IMF warns Brexit challenges could rock financial stability as FTSE index loses 2017 gains
The challenges posed by Brexit could undermine global financial stability, the International Monetary Fund (IMF) has warned.
Financial firms' ability to operate across jurisdictions will be curtailed, with banking set to be hardest hit by the loss of passporting rights, the Washington-based body said.
It argued that the complexity of financial entities is likely to increase after the United Kingdom leaves the European Union, posing new challenges and costs for national supervisors and regulators.
"The challenges stemming from Brexit could undermine financial stability in ways that are difficult to estimate or predict at this juncture," the IMF noted in its latest global financial stability report.
It warned that many core areas of banking, including mortgages, cross-border banking, and deposit taking rely on financial passports and that without them, banks will need to shift operations out of the UK.
That means banks are preparing for worst case scenarios, and that while duplication of some services across jurisdictions is inevitable, costs for firms will increase, the IMF report stated.
But it added benefits could also arise from a less concentrated banking system throughout Europe.
It comes as the stock index of the UK's biggest 100 companies lost all of its 2017 gains as the strengthening pound weighed on the earnings of the mostly foreign-owned firms.
The stronger pound on the back of Prime Minister Theresa May's election announcement on Tuesday is undermining earnings optimism for the more international companies on the 100-member benchmark.
Stocks are vulnerable to a rising pound because more than two-thirds of FTSE 100 company earnings are derived from operations overseas.
Sterling was just off a six-month peak against the dollar above $1.28 having surged when Ms May called an early election for June 8, seeking to strengthen her party's majority ahead of Brexit negotiations. Specialist bank Investec Ireland said the stronger pound seems to be driven by the expectation that the Conservatives will make significant gains in the election and strengthen their grip on power ahead of the Brexit negotiations.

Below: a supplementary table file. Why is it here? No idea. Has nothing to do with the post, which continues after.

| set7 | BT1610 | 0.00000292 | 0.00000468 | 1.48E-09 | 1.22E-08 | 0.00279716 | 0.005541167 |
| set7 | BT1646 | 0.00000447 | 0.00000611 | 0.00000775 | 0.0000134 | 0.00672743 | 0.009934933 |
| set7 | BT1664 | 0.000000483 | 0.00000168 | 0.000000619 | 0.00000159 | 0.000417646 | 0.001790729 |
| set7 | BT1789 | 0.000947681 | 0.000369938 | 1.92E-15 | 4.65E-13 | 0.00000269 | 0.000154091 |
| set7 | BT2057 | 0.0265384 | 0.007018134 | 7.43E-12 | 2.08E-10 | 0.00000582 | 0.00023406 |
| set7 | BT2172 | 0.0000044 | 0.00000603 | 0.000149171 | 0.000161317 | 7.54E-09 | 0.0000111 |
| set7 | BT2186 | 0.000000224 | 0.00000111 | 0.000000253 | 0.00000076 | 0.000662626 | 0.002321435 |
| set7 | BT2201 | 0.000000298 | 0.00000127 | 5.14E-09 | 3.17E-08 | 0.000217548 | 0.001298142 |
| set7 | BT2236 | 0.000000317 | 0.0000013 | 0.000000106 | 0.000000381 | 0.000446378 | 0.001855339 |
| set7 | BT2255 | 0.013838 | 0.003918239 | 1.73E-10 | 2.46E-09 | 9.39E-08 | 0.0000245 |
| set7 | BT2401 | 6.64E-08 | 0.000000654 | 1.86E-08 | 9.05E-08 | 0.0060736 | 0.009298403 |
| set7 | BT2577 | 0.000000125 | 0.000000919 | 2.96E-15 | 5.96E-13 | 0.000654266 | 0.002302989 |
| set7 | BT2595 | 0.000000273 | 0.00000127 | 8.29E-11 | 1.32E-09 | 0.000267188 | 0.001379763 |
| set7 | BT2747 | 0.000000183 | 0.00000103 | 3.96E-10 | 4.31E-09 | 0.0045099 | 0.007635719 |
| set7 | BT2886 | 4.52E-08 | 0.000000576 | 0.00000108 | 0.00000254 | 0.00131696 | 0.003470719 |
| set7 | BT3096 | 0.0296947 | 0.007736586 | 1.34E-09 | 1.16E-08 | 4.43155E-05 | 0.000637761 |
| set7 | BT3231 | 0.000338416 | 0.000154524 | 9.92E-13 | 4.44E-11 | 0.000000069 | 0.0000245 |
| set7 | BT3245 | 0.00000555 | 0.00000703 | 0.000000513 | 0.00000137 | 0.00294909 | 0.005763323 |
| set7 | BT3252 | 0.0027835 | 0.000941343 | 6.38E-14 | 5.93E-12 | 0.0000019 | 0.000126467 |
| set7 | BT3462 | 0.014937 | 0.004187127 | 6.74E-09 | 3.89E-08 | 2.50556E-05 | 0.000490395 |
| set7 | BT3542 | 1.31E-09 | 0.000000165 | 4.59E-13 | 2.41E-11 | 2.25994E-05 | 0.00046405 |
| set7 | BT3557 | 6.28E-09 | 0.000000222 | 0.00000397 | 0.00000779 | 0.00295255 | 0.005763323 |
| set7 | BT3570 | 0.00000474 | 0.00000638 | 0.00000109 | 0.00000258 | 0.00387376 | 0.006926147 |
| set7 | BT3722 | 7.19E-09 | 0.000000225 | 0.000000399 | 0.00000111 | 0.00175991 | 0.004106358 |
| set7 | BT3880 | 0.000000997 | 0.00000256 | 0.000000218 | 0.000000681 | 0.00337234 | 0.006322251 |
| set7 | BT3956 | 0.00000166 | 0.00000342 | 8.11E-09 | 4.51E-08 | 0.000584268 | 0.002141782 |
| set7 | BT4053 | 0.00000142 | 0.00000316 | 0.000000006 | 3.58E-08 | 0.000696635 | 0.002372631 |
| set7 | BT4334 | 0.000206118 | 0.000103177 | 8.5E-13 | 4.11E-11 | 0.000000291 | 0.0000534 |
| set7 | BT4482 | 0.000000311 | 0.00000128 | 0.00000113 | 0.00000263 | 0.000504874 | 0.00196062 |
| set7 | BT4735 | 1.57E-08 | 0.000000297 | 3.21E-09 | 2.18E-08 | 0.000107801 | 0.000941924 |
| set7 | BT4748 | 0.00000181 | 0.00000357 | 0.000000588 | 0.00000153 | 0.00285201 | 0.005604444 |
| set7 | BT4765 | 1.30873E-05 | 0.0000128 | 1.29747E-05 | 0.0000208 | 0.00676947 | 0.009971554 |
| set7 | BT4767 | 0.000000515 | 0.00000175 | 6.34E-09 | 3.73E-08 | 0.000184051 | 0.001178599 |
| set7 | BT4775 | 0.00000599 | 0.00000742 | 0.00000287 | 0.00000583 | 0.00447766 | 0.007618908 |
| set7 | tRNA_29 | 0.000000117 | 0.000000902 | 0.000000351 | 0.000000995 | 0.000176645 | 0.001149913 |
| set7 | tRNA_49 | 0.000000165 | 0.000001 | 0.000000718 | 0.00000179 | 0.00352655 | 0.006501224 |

"Apart from the initial weakness as markets guessed at what an unscheduled announcement might include, the decision to hold a snap election has been overwhelmingly supportive of the Pound," the bank said in a note to investors.
"EURGBP traded down to a four month low overnight as EURGBP saw increased volatility on illiquid markets. Against the dollar, the pound has been even more impressive, trading back to over six month highs, and completely erasing the losses experienced during the "flash crash" last October."
This week, the IMF also raised its UK growth forecast for the second time this year, saying the economy held up in the wake of the Brexit vote.
In its latest World Economic Outlook, the IMF said it now expects the British economy to grow by 2% in 2017, up from January's forecast of 1.5%.
That puts Britain among the fastest growing advanced economies this year, trailing closely behind the US and Spain, which are expected to grow 2.3% and 2.6%, respectively.
"Growth remained solid in the United Kingdom, where spending proved resilient in the aftermath of the June 2016 referendum in favour of leaving the European Union," the IMF stated.
Britain's economy is then expected to slow to 1.5% in 2018 - though that figure was revised up from January's projections for 1.4% growth.
Chancellor Philip Hammond said: "The fundamentals of our economy are strong and we continue to invest in the skills needed for a stronger and fairer Britain."